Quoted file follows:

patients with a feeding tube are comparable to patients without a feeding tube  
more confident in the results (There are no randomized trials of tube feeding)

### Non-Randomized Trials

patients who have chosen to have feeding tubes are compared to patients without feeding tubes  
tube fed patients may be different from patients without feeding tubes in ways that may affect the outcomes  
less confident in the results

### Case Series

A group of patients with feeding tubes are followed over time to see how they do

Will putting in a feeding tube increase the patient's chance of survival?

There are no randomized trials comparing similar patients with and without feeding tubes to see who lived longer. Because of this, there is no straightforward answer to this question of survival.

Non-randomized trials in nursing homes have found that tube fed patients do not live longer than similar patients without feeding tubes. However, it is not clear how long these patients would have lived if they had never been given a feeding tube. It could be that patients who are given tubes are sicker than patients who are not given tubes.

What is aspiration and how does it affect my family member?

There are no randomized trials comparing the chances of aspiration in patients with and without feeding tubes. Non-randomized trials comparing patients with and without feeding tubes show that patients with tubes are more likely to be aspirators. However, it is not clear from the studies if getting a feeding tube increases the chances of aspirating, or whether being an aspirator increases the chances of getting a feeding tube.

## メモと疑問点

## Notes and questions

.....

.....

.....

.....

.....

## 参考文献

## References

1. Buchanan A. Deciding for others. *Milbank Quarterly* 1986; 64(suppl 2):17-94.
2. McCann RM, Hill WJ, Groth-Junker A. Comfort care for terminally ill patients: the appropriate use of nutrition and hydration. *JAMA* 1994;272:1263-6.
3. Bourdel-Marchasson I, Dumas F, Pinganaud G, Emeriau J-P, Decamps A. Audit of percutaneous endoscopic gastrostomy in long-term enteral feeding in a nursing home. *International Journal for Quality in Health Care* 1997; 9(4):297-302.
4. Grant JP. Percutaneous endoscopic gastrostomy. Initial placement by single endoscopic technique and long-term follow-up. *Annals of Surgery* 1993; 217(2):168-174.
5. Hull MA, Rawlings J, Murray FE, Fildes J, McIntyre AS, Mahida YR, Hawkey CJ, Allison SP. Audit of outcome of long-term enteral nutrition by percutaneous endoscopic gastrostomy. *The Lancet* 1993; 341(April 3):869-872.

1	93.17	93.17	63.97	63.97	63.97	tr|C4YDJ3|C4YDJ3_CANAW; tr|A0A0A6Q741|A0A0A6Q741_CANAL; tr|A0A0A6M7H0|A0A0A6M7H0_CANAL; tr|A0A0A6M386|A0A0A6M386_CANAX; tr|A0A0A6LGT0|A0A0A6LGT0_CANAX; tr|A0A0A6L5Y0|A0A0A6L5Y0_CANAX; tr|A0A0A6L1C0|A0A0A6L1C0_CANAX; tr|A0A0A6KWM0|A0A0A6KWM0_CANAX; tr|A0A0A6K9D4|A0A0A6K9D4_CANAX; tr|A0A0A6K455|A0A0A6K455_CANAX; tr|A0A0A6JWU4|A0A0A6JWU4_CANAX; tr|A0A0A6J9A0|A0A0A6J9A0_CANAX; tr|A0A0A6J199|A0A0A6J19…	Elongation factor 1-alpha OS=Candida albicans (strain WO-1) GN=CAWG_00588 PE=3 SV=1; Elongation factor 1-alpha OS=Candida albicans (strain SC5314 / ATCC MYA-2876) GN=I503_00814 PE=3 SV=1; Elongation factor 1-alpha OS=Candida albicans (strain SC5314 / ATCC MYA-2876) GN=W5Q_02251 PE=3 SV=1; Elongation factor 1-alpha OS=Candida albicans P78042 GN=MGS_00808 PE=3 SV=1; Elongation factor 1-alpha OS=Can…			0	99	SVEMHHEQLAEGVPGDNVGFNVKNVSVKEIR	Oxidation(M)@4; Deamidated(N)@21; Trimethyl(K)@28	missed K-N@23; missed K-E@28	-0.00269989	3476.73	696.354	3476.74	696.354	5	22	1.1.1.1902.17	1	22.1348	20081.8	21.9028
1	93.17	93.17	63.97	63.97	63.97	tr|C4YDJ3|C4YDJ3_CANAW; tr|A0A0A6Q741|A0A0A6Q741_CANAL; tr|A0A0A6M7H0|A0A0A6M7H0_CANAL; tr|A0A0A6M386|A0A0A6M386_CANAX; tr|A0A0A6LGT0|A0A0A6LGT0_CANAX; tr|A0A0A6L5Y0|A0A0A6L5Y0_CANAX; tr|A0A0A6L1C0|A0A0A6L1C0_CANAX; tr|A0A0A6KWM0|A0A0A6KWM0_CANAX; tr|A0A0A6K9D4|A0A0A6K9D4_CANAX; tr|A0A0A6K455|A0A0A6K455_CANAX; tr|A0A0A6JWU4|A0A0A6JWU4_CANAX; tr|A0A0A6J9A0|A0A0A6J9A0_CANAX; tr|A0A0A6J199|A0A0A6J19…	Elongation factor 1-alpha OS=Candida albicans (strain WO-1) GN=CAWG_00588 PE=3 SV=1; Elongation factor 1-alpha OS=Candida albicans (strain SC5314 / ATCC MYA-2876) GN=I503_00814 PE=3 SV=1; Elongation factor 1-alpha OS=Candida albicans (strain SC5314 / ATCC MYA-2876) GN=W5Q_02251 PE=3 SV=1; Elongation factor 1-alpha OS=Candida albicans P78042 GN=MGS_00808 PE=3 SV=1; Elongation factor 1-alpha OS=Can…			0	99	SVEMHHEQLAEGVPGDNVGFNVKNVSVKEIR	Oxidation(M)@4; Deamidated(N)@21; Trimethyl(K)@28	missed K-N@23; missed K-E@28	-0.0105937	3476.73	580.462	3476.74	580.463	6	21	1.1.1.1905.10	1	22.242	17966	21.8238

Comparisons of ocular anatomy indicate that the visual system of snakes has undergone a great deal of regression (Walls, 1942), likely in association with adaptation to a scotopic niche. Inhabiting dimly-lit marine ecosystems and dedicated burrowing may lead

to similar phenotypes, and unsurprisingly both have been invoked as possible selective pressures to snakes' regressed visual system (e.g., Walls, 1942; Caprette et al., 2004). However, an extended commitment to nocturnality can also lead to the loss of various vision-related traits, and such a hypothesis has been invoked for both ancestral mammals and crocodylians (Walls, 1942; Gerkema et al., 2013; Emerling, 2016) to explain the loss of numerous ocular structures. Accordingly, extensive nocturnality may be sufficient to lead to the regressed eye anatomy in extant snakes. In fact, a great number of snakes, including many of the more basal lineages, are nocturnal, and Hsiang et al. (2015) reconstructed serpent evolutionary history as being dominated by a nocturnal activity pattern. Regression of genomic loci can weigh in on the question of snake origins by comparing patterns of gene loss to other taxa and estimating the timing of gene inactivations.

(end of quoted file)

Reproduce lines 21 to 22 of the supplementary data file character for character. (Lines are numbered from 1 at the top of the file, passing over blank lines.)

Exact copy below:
## 参考文献

## References